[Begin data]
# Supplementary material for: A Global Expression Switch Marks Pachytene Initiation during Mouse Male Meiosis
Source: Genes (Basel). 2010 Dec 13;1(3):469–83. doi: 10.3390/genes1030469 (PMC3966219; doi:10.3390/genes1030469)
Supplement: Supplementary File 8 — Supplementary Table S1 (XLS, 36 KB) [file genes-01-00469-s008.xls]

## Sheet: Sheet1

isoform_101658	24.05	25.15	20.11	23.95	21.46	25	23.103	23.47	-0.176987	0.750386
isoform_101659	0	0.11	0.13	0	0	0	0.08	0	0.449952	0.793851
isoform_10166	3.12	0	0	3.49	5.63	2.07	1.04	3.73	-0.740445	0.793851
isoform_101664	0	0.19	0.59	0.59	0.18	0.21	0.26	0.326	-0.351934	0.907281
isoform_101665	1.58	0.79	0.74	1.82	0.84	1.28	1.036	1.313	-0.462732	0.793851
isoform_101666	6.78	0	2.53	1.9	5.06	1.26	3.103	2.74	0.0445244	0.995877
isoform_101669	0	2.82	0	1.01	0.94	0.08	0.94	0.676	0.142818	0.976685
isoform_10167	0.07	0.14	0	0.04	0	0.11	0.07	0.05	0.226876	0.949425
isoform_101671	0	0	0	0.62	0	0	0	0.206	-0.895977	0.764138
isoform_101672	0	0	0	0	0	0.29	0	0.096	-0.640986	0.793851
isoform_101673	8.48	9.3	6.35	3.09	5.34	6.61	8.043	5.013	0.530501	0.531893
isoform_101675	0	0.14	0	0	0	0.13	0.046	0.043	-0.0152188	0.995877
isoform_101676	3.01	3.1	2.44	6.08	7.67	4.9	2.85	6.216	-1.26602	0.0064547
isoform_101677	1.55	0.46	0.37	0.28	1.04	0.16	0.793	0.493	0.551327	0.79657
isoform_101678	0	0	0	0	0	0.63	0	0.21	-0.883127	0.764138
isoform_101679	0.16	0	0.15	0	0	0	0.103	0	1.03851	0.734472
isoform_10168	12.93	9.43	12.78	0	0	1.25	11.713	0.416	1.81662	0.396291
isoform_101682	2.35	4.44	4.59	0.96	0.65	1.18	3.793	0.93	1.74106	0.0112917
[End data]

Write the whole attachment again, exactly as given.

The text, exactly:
# Supplementary material for: A Global Expression Switch Marks Pachytene Initiation during Mouse Male Meiosis
Source: Genes (Basel). 2010 Dec 13;1(3):469–83. doi: 10.3390/genes1030469 (PMC3966219; doi:10.3390/genes1030469)
Supplement: Supplementary File 8 — Supplementary Table S1 (XLS, 36 KB) [file genes-01-00469-s008.xls]

## Sheet: Sheet1

isoform_101658	24.05	25.15	20.11	23.95	21.46	25	23.103	23.47	-0.176987	0.750386
isoform_101659	0	0.11	0.13	0	0	0	0.08	0	0.449952	0.793851
isoform_10166	3.12	0	0	3.49	5.63	2.07	1.04	3.73	-0.740445	0.793851
isoform_101664	0	0.19	0.59	0.59	0.18	0.21	0.26	0.326	-0.351934	0.907281
isoform_101665	1.58	0.79	0.74	1.82	0.84	1.28	1.036	1.313	-0.462732	0.793851
isoform_101666	6.78	0	2.53	1.9	5.06	1.26	3.103	2.74	0.0445244	0.995877
isoform_101669	0	2.82	0	1.01	0.94	0.08	0.94	0.676	0.142818	0.976685
isoform_10167	0.07	0.14	0	0.04	0	0.11	0.07	0.05	0.226876	0.949425
isoform_101671	0	0	0	0.62	0	0	0	0.206	-0.895977	0.764138
isoform_101672	0	0	0	0	0	0.29	0	0.096	-0.640986	0.793851
isoform_101673	8.48	9.3	6.35	3.09	5.34	6.61	8.043	5.013	0.530501	0.531893
isoform_101675	0	0.14	0	0	0	0.13	0.046	0.043	-0.0152188	0.995877
isoform_101676	3.01	3.1	2.44	6.08	7.67	4.9	2.85	6.216	-1.26602	0.0064547
isoform_101677	1.55	0.46	0.37	0.28	1.04	0.16	0.793	0.493	0.551327	0.79657
isoform_101678	0	0	0	0	0	0.63	0	0.21	-0.883127	0.764138
isoform_101679	0.16	0	0.15	0	0	0	0.103	0	1.03851	0.734472
isoform_10168	12.93	9.43	12.78	0	0	1.25	11.713	0.416	1.81662	0.396291
isoform_101682	2.35	4.44	4.59	0.96	0.65	1.18	3.793	0.93	1.74106	0.0112917